The One and Only

by | November 3, 2014, 8:00am 0

Alex Fraser -

Originally shared on Seattle Riot’s Blog

“I turn to look one last time. Up til a minute ago it felt so real, but now it seems imaginary. Just a few steps is all it takes for everything associated with it to lose all sense of reality. And me – the person who was there until a moment ago – now I seem imaginary too.”

– Haruki Murakami, Kafka on the Shore

I lie there with my eyes shut tight, the voices above me intermittently cutting through those in my head, like static in a speaker.

Dom: “I’m a physician. Please examine her off the field.”
Shannon: “It’s going to be okay.”

It’s not okay.

I put off opening my eyes as long as possible because when I do, it will all become real. My mind races through the moments that have brought me to this one. I see flashes of “special throwing” sessions at Michigan, playing at my first College Nationals, running through my first Riot chunnel, 10 years of tracks, fields, sacrifices and commitments. Cold nights spent alone on dark, slick hills, my breath rising in clouds of exhaustion above my head. Changing my lifestyle, my diet, my training. Back to back World Championships. The best shape of my life. Endless work, big moments, high pressure. The peak of my athletic career.

When I finally open my eyes, the face I see belongs to Alex Snyder – my former teammate, my opponent, my friend. I press my eyes shut again and see the mirror image of myself standing over her on a field in Lecco, Italy on August 9th, a different championship game on the line.

The hands of my teammates carry me toward the sideline, and the dream begins.

My hot legs stick to the cool bench, and I slowly raise my eyes from the grass, to my left knee, and then to my 26 best friends just beyond. I tentatively get to my feet, feel my knee try to slide apart, swallow the vomit rising in the back of my throat, and step forward into the dream.

I no longer see a game, a competition, a fierce summation of a season that will inevitably leave deserving athletes heartbroken. In fractions of a second, decades of hard-wired competitive intensity have shifted. In its place I see a simple and incredible blessing – the chance to run around and express love, joy, commitment, and physical gifts in a setting unlike any other, full of mutual respect, selflessness, and acceptance.

For someone who almost quit ultimate at her first practice because it was too much running, it is ironic that – in this moment – I realize how much I truly love to run. How I’ve been running since I could walk. How I still run through the halls of the middle school where I teach and jump to touch the “Exit” signs, just like my students. How I once escaped a pie in the face from a lurking friend because I sprinted out my front door instead of walking. How I can remember being seven and figuring out that if I only ran on my toes, I could beat all the boys in tag.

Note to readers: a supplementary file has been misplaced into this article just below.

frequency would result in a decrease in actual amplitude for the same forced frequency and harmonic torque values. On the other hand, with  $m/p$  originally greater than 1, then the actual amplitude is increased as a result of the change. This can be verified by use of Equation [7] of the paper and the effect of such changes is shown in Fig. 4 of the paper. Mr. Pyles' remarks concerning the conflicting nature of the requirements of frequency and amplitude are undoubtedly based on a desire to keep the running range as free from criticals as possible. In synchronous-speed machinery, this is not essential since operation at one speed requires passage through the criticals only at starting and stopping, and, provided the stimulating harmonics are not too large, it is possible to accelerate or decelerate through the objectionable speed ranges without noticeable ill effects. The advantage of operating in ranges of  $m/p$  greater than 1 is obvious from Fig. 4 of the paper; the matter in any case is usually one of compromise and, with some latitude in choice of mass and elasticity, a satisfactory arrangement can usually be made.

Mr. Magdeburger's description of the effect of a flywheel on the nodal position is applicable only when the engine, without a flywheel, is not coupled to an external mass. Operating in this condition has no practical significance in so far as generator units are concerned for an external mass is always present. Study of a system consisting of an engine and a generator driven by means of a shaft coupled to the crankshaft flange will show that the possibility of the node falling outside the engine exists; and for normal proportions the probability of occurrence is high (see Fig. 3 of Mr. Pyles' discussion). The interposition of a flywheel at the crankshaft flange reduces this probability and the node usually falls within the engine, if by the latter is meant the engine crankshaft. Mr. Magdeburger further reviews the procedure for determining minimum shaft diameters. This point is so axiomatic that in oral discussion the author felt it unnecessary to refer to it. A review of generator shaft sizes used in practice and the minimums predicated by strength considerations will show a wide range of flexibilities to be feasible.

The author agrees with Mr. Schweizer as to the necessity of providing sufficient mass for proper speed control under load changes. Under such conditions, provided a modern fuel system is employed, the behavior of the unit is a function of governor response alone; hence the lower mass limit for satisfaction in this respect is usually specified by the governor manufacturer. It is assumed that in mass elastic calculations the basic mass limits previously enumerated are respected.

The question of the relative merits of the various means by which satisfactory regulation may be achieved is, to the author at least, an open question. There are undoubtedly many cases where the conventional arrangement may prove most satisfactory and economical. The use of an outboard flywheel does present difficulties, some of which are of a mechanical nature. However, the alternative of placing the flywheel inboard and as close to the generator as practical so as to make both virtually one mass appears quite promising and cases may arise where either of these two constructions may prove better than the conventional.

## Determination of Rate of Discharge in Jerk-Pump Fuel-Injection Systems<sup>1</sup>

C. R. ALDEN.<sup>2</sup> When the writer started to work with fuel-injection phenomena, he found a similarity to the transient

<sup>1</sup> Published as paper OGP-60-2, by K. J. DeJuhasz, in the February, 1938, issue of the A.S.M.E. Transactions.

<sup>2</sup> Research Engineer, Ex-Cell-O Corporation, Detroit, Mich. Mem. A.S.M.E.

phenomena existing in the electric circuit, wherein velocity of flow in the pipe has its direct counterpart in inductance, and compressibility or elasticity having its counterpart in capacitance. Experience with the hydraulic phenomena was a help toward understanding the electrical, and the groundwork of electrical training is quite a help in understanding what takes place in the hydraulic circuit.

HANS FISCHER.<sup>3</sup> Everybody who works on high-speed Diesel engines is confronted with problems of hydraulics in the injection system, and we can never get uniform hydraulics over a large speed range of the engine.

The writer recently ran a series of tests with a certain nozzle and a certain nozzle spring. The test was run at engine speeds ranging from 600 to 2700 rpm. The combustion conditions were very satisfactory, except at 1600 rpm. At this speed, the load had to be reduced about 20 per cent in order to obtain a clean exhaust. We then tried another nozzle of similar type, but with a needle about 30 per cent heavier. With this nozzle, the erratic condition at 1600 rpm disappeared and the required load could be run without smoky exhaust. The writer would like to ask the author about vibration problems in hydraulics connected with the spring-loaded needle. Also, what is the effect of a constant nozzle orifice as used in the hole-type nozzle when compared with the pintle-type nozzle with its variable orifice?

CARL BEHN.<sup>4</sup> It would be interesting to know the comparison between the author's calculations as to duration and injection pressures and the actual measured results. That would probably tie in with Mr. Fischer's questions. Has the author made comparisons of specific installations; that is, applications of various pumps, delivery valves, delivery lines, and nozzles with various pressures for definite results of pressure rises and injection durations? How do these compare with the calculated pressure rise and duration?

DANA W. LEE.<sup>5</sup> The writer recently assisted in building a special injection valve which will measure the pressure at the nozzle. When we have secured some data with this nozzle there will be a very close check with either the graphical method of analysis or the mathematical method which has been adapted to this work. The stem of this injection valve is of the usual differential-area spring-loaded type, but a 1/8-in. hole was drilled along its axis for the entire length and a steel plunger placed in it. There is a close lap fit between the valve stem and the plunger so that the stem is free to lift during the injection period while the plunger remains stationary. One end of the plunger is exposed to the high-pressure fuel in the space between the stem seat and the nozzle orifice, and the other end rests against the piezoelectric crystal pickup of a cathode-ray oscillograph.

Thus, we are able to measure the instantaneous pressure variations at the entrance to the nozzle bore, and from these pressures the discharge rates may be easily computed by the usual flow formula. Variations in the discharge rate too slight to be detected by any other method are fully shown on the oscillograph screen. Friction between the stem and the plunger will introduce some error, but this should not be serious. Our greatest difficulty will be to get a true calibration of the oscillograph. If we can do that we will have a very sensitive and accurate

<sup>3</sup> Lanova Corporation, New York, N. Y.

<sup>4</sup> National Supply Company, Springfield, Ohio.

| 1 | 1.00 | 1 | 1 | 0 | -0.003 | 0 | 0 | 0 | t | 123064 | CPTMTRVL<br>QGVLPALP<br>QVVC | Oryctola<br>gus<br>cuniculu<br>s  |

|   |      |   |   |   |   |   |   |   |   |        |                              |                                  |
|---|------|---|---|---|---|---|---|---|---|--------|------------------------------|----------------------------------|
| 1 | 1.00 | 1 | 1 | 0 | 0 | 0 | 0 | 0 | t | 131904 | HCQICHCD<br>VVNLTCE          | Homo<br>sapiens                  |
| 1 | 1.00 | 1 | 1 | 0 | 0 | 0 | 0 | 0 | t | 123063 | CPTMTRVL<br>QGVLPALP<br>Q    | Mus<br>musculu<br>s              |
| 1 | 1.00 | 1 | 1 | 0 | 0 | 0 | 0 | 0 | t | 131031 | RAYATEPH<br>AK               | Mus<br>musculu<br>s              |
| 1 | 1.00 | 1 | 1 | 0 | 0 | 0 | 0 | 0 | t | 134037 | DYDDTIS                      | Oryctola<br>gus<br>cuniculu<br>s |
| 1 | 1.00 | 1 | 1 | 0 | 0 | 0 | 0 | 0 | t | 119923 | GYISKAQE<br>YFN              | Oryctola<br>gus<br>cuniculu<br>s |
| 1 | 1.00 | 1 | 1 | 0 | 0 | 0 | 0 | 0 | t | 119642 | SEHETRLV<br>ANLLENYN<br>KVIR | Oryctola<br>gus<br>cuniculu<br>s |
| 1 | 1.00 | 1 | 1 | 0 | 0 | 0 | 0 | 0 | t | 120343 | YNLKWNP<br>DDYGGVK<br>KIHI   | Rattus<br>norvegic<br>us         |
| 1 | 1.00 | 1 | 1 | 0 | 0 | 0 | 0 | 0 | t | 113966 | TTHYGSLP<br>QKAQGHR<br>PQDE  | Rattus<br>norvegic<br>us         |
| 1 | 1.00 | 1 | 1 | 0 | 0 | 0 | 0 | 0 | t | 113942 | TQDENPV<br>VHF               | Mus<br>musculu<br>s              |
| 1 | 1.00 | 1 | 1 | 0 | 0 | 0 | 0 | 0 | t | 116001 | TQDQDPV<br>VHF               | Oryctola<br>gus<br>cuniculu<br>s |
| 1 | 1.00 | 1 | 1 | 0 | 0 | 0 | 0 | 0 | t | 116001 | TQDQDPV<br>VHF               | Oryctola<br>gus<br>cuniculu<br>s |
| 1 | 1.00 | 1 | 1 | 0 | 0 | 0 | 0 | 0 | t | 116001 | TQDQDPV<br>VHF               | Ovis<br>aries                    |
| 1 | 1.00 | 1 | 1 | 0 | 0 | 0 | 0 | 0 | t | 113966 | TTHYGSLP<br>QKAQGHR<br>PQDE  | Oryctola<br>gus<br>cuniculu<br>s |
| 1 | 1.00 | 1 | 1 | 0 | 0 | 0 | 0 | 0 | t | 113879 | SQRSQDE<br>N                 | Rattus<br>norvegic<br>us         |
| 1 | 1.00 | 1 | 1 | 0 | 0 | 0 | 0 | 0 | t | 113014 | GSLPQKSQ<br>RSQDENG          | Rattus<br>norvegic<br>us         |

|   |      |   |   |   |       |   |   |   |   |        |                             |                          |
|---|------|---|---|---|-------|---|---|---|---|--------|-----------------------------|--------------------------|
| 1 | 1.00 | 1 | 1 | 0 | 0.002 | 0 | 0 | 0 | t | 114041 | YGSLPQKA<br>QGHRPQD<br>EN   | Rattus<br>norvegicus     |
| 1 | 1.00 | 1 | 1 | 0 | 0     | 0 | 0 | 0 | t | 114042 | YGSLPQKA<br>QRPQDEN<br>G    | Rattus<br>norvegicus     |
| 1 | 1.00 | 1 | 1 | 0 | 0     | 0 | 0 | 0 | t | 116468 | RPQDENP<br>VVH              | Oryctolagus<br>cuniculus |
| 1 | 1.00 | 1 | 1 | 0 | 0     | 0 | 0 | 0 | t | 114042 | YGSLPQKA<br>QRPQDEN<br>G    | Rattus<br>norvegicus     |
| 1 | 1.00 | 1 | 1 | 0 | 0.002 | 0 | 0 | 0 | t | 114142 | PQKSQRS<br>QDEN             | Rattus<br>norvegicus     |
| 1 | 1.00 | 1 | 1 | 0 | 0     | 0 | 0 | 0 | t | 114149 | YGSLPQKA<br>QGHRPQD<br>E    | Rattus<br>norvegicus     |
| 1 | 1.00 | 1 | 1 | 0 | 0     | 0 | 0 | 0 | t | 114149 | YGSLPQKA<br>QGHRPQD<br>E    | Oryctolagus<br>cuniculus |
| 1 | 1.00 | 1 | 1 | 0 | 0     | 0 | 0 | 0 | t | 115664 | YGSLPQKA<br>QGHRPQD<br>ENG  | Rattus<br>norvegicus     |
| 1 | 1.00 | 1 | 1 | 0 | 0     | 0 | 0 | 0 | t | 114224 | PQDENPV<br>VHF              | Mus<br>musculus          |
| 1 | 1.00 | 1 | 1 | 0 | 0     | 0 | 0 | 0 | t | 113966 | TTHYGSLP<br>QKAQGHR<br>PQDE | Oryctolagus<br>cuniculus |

And I’m so happy for my teammates in this moment. I’m in awe of what they can do. And despite the nagging feeling that my left leg might give up on me at any moment, I can’t stop smiling. As I meet my sweaty teammates on the field after each point, mingling among their high-fives, encouragement, reassurances – they are so perfect and beautiful to me.

And even as the other team scores the game-winning point, nothing is wrong.

We did everything right.

And I know because I’ve been watching it in slow motion. I watched us love the game and each other, together giving more than we each had alone. Through my slow motion lens, I see the sting of defeat in my teammates’ eyes turn to tears of love and loss. But I know that the tears contain so much more than a game; they are brimming with this moment in time when no matter the outcome on a frisbee field, everything was perfect and beautiful as long as we were together.

So when we get home, I stand at the foot of the stairs and watch the laughing mass of my teammates framed through the arch of the doorway like a dysfunctional family photo. And in retrospect, that photo is captioned by a quote from Cree Howard: “It’s not just okay. It’s the end of a really big thing. And it won’t be the same again.”

In the moment that she said it, for her, it was a story of love for her retiring coach and mentor, Matty Tsang. For me, it was the story of my knee and my ultimate career. But it’s also the story of a season, of a team. Of knowing that life will bring many more peaks and valleys, but that this look-out point is a particularly sweet one on which we will each have to turn our backs and begin the long climb all over again from the base of the mountain, or choose not to climb once more. And she’s right – it will be good again, but it won’t be the same.

So I linger in that doorway, in a physical and emotional limbo, storing in my memory this image of Riot 2014’s unconditional love. Here it lives, exemplified in laughs, chatter, and arms draped over shoulders. I know that, in the months to come, I will need all that it embodies.

And gradually, warmth and noise leak from the edges of the photo’s frame, wrap their arms around me, and pull me forward out of the dream, back into a reality that is so much better.

Comments Policy: At Skyd, we value all legitimate contributions to the discussion of ultimate. However, please ensure your input is respectful. Hateful, slanderous, or disrespectful comments will be deleted. For grammatical, factual, and typographic errors, instead of leaving a comment, please e-mail our editors directly at editors [at]